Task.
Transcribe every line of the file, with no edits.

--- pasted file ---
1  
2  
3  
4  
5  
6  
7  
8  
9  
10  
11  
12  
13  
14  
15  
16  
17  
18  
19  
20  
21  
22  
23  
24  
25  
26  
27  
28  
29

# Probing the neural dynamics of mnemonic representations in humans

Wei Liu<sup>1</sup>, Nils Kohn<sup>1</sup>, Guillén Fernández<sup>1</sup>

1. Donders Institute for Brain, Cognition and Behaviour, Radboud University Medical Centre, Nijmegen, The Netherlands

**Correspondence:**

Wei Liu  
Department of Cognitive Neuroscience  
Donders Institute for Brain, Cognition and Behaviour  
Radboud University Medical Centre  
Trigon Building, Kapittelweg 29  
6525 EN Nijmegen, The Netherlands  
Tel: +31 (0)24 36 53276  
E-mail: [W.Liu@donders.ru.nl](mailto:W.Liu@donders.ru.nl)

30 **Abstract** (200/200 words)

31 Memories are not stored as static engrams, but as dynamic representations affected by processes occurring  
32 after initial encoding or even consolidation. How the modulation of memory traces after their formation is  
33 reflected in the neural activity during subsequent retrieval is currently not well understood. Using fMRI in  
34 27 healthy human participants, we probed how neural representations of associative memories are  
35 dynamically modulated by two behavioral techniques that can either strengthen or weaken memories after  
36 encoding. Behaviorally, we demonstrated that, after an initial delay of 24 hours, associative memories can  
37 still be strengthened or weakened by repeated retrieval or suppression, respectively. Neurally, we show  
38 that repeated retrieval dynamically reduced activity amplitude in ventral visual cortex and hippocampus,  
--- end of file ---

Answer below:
1  
2  
3  
4  
5  
6  
7  
8  
9  
10  
11  
12  
13  
14  
15  
16  
17  
18  
19  
20  
21  
22  
23  
24  
25  
26  
27  
28  
29

# Probing the neural dynamics of mnemonic representations in humans

Wei Liu<sup>1</sup>, Nils Kohn<sup>1</sup>, Guillén Fernández<sup>1</sup>

1. Donders Institute for Brain, Cognition and Behaviour, Radboud University Medical Centre, Nijmegen, The Netherlands

**Correspondence:**

Wei Liu  
Department of Cognitive Neuroscience  
Donders Institute for Brain, Cognition and Behaviour  
Radboud University Medical Centre  
Trigon Building, Kapittelweg 29  
6525 EN Nijmegen, The Netherlands  
Tel: +31 (0)24 36 53276  
E-mail: [W.Liu@donders.ru.nl](mailto:W.Liu@donders.ru.nl)

30 **Abstract** (200/200 words)

31 Memories are not stored as static engrams, but as dynamic representations affected by processes occurring  
32 after initial encoding or even consolidation. How the modulation of memory traces after their formation is  
33 reflected in the neural activity during subsequent retrieval is currently not well understood. Using fMRI in  
34 27 healthy human participants, we probed how neural representations of associative memories are  
35 dynamically modulated by two behavioral techniques that can either strengthen or weaken memories after  
36 encoding. Behaviorally, we demonstrated that, after an initial delay of 24 hours, associative memories can  
37 still be strengthened or weakened by repeated retrieval or suppression, respectively. Neurally, we show  
38 that repeated retrieval dynamically reduced activity amplitude in ventral visual cortex and hippocampus,  